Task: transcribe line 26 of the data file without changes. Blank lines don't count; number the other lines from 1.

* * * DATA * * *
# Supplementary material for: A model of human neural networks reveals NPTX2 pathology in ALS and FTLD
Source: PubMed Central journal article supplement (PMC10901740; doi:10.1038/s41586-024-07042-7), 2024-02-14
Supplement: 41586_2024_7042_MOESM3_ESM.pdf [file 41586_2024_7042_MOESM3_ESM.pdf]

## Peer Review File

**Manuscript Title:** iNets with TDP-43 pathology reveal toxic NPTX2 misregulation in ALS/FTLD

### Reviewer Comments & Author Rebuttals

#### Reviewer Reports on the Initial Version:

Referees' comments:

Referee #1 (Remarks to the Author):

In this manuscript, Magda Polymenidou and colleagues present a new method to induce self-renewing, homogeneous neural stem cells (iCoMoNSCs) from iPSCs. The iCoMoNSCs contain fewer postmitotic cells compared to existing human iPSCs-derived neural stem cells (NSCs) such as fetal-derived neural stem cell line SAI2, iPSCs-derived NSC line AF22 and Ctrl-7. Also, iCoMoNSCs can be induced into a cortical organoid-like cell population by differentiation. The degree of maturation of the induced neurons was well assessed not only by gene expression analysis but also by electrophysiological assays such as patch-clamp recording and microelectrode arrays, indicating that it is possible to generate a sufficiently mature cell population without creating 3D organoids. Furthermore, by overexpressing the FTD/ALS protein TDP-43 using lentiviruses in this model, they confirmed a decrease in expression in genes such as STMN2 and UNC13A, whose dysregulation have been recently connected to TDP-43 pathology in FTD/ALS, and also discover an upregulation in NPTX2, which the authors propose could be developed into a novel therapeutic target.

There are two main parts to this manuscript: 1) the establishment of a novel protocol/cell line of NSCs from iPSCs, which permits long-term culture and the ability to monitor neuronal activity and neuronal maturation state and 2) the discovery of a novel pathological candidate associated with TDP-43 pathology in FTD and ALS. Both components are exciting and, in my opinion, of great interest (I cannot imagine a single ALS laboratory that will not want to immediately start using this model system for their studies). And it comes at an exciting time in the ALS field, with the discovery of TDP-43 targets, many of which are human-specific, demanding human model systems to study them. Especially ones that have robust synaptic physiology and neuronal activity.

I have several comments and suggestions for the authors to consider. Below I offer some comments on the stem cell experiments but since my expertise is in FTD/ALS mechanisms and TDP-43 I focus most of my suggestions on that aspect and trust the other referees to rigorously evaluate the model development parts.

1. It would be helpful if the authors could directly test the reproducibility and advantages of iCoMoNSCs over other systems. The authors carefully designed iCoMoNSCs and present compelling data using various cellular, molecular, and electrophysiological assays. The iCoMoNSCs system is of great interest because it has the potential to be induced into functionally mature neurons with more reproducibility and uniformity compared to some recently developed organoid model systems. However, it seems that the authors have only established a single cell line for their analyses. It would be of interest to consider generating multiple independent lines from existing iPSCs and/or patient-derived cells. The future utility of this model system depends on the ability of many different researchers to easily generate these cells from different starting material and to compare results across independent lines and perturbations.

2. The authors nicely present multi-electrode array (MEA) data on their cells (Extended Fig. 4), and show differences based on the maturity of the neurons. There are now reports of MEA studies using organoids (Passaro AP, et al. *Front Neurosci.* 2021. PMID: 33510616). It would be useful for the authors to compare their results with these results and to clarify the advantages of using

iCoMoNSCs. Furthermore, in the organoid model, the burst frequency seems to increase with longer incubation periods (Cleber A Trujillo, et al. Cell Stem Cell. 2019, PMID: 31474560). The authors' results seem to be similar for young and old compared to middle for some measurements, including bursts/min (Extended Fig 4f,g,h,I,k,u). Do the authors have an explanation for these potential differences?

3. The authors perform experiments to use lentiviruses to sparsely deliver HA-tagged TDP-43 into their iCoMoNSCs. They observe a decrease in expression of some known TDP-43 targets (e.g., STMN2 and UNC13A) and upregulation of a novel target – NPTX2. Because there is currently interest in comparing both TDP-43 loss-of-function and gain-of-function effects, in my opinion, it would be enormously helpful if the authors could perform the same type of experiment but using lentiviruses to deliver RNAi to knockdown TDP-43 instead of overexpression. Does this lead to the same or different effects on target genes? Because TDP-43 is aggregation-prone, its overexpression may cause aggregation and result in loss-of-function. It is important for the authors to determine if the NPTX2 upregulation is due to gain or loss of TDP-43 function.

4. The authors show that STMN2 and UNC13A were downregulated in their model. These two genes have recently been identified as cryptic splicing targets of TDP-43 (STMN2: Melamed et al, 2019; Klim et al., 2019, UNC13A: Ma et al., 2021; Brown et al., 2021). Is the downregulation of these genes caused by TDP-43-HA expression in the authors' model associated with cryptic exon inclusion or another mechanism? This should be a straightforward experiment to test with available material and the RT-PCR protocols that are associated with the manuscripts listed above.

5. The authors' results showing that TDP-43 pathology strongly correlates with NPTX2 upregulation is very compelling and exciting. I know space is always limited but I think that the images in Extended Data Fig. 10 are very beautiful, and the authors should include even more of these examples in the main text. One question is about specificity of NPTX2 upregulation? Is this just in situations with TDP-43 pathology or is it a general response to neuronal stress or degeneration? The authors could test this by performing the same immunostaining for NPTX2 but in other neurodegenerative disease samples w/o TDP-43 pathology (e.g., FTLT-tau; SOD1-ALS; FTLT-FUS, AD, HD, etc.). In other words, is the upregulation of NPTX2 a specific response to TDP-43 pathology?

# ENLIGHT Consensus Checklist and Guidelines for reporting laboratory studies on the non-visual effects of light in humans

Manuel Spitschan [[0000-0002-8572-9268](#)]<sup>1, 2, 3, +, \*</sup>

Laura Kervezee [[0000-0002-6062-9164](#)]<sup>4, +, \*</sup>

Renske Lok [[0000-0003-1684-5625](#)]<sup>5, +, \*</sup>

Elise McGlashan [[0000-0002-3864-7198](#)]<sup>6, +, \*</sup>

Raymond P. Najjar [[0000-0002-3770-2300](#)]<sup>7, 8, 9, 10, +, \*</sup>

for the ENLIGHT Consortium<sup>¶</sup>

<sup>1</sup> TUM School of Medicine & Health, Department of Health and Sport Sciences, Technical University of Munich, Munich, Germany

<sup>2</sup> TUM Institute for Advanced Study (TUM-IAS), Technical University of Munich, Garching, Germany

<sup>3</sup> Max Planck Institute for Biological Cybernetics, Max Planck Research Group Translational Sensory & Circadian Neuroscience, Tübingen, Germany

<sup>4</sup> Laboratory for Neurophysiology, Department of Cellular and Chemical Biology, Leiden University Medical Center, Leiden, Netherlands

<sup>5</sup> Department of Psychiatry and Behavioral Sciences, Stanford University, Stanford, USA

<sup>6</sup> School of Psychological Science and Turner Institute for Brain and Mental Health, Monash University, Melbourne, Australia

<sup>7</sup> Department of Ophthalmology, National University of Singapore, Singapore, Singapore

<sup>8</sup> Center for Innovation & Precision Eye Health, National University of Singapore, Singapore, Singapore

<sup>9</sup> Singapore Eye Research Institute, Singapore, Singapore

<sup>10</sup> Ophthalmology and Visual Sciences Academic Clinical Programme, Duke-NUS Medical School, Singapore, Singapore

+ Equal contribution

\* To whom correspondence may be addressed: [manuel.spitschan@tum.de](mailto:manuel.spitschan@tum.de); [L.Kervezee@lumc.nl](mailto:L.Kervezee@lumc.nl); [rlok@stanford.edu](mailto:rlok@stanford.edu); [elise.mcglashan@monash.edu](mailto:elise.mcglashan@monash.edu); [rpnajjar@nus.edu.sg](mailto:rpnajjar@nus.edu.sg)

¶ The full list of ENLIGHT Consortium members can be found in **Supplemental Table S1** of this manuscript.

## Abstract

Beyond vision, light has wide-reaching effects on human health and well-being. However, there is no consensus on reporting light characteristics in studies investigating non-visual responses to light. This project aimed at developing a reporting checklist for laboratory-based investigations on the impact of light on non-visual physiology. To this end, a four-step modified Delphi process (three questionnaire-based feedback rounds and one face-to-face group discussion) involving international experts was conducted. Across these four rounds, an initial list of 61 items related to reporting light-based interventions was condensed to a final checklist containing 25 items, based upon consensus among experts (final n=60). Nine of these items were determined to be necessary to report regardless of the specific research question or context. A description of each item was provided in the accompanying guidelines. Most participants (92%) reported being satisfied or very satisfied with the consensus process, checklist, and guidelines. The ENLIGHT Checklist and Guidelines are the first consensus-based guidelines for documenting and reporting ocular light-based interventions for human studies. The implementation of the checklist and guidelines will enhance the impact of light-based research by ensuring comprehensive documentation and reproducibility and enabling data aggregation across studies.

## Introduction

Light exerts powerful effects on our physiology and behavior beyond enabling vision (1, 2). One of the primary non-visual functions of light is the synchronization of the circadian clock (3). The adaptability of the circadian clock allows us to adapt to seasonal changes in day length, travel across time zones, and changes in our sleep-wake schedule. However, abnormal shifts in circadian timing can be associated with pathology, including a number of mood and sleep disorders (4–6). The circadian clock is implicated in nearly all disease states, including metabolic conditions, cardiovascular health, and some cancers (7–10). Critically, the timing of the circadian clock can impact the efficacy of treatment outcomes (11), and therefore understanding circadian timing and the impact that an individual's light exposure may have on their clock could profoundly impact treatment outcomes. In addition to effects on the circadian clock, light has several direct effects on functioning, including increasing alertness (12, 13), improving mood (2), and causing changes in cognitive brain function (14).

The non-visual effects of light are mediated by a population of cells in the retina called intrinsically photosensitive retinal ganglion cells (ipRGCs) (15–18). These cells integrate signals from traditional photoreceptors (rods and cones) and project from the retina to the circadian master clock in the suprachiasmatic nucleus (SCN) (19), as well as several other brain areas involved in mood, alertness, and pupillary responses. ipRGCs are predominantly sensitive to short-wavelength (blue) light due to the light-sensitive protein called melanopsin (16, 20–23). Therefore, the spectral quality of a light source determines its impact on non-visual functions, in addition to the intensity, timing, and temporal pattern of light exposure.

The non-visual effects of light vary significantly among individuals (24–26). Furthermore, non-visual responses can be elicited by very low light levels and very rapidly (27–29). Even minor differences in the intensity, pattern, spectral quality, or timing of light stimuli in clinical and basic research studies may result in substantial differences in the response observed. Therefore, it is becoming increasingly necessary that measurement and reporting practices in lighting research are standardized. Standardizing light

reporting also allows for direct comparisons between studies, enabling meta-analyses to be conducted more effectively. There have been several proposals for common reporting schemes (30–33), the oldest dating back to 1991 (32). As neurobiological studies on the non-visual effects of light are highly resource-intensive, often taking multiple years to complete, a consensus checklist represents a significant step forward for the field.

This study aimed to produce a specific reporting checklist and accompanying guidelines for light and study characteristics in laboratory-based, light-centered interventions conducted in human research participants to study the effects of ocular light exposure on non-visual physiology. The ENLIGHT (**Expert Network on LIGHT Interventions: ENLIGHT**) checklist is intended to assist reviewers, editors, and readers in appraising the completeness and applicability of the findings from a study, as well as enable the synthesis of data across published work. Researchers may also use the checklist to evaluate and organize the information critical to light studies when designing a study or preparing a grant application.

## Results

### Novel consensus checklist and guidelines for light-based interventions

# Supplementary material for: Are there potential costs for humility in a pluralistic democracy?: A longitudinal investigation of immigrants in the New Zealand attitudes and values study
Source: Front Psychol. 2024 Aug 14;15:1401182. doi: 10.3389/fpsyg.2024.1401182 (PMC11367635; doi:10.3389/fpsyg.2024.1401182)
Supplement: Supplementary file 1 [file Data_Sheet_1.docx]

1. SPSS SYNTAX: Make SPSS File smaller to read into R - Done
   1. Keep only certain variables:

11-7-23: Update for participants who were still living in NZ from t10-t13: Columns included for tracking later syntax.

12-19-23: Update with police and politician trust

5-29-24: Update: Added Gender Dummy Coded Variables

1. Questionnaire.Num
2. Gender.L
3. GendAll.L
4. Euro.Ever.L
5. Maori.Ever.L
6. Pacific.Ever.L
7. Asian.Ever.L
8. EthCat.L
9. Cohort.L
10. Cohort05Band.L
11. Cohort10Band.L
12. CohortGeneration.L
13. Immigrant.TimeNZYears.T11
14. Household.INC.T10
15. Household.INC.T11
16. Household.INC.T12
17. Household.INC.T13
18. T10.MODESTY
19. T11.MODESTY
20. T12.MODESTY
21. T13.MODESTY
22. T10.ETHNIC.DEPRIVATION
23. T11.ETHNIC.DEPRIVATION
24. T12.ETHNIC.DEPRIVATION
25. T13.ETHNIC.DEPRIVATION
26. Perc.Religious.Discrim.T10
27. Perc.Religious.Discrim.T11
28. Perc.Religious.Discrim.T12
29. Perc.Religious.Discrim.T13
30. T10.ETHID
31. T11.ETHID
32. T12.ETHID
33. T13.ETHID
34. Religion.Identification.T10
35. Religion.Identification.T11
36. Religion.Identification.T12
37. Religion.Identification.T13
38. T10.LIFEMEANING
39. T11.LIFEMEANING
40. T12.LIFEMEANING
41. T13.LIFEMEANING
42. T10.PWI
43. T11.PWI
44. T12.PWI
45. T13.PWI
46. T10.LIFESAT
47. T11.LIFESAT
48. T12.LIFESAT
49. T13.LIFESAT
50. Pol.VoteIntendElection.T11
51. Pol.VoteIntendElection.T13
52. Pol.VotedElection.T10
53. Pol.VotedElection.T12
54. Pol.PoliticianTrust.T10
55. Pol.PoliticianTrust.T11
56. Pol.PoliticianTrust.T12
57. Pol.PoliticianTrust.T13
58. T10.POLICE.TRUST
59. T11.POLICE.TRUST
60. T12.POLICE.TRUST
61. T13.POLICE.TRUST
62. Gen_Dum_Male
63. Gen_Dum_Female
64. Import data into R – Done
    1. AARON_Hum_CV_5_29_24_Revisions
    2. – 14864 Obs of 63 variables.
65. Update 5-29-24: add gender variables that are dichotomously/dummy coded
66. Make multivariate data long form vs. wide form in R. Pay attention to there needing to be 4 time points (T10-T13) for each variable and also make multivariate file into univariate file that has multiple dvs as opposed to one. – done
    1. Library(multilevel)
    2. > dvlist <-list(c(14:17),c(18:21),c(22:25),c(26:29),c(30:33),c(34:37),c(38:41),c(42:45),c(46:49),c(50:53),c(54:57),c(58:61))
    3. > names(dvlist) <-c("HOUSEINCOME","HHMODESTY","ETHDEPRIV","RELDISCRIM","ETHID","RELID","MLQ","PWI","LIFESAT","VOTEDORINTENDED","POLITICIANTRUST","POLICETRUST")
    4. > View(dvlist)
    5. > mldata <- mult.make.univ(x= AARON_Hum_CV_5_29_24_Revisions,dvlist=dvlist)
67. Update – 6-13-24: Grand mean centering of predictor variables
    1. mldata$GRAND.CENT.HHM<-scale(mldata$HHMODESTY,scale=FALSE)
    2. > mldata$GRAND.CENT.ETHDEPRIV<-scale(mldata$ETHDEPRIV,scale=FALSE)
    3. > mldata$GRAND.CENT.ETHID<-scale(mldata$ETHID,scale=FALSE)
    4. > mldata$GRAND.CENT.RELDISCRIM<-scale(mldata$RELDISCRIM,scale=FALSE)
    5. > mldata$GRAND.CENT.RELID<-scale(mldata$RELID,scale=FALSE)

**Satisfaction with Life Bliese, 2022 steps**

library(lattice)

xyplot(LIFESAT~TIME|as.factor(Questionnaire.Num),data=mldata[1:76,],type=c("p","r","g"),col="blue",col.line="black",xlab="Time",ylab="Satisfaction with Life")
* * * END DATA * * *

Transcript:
<sup>1</sup> TUM School of Medicine & Health, Department of Health and Sport Sciences, Technical University of Munich, Munich, Germany